Berlin - “We have to do more to ensure that all children have chance to grow up healthy.” Manfred Gahr, Secretary General of the German Academy for Child and Adolescent Medicine (DAKJ), made this request on the occasion of the entry into force of the UN Convention on the Rights of the Child collected 25 years ago. The DAKJ recently dealt extensively with the convention at symposium. There were also good examples from other countries.
5 questions to Manfred Gahr, Secretary General of the German Academy for Child and Adolescent Medicine DÄ: Mr. Professor Gahr, your academy recently took the entry into force of the UN Convention on the Rights of the Child 25 years ago as an opportunity for symposium on “Strengthening Children's Rights”. Why? Gahr: We want to create awareness that children's rights must be anchored even more firmly in Germany. The protection of marriage and the family and the right of parents to bring up children are laid down in the Basic Law. A reference to children's rights does not yet exist there. That has to change.
Attention to the subject of children's rights has certainly increased in Germany in recent years. It is definitely perceived that and what problems there are. This definitely applies to the area of child abuse and child sexual abuse. Overall, however, I'm still too slow. That is why the Academy is also committed to child representative, comparable to the military representative. This is only responsible to parliament and not subordinate to ministry, and it has numerous rights. There should also be such commissioner for children. For example, he could check whether new bills and children's rights are compatible.
DÄ: What would change if children's rights were anchored in the Basic Law? Gahr: I think that could make difference in many areas. Take the kindergartens in Germany as an example. In an international comparison, our childcare ratio is poor, which means that there are far too few teachers for too many children. This may not be problem for children from middle-class family because they are well supported at home. But children from other social classes depend on learning in kindergarten and taking with them what is lacking at home. But that does not work if there are too few educators who can take care of such disadvantaged children intensively, for example in the area of language training. DÄ: What annoys you currently especially when it comes to the topic of children's rights in Germany is leaving? Gahr: At the moment lot of refugee families are coming to Germany. It is just becoming clear again that the children are very poorly cared for here. But Germany has ratified the UN Convention on the Rights of the Child.That means: It has committed itself to ensuring the best possible protection and the best possible care for all children in the country. In fact, children in refugee or asylum shelters are currently poorly cared for.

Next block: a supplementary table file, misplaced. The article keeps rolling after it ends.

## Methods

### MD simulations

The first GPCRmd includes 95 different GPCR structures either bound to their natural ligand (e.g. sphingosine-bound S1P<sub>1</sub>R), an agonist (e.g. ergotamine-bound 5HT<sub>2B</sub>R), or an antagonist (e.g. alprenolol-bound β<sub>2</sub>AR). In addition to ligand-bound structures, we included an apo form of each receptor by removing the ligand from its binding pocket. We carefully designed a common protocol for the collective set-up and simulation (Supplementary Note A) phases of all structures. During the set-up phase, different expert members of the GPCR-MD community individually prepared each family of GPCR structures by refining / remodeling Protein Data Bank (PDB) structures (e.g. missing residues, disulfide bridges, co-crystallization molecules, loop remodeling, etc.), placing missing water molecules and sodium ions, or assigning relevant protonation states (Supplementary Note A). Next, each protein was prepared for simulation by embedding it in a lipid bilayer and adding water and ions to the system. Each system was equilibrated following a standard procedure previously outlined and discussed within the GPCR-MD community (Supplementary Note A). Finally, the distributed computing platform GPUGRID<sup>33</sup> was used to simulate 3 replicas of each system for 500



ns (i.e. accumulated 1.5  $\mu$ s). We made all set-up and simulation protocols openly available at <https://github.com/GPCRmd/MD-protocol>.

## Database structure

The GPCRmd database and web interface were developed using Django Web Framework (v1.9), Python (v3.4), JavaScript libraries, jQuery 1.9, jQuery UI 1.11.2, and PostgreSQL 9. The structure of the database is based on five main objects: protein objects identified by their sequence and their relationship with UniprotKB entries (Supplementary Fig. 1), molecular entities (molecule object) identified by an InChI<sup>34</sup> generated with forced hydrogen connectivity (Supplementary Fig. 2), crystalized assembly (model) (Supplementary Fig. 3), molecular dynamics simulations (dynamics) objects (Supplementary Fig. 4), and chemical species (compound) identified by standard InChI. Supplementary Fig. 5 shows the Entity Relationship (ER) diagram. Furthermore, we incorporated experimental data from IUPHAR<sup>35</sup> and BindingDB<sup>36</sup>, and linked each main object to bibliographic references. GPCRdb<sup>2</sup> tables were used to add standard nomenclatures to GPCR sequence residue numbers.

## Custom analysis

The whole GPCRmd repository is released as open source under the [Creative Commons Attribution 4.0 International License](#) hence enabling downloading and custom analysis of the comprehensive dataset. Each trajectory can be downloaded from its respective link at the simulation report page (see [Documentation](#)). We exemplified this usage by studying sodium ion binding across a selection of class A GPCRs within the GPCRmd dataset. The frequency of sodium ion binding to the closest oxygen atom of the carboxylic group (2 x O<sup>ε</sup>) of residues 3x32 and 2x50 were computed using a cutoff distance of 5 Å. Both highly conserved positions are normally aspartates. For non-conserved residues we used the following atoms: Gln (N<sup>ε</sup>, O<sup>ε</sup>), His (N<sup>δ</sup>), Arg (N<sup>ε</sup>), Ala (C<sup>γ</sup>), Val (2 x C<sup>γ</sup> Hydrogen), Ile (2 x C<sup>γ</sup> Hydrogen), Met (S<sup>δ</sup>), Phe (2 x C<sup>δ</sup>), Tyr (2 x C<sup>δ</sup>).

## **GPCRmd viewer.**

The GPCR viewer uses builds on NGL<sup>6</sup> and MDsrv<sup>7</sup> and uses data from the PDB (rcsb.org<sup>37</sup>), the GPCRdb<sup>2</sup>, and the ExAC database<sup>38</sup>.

Recently there was reports of home where guards appeared to have mistreated refugees. But measles cases also occurred there. This is an indication of inadequate care and lack of vaccinations. Colleagues have also told me of two cases in which refugee children died because they were late to the doctor. This can happen, for example, if you became seriously ill on Friday afternoon and it was only possible to clarify on Monday whether the costs for more comprehensive medical treatment would be covered.
DÄ: Which gaps in the area of children's rights do you perceive children who live here permanently? Gahr: We are concerned that the health of children depends so much on the social status of their family. They are more affected by obesity, mental health problems and other things that we summarize under the term new morbidities if they come from family with low social status. Your health well-being is therefore massively dependent on the status of your parents, and it must not stay that way. We know that health and education depend on social status. But too little is being done to counter this linkage.
DÄ: Are there approaches in other countries to strengthen children's rights, of which you say: this or that could very well be imported? Gahr: From the Scandinavian countries, for example, you can take very good care codes for kindergartens. Sweden is not rich country, but the state does it there. Take another example: support from school psychologists. I live in Saxony, where handful are currently employed for all schools in the Free State. That is far too few.
In Sweden there is school psychologist for every school as contact person and kind of school nurse who is on site for health issues. You can do lot, you just have to want it. Germany should actually have the money for this. In any case, such investments in the future would be worthwhile.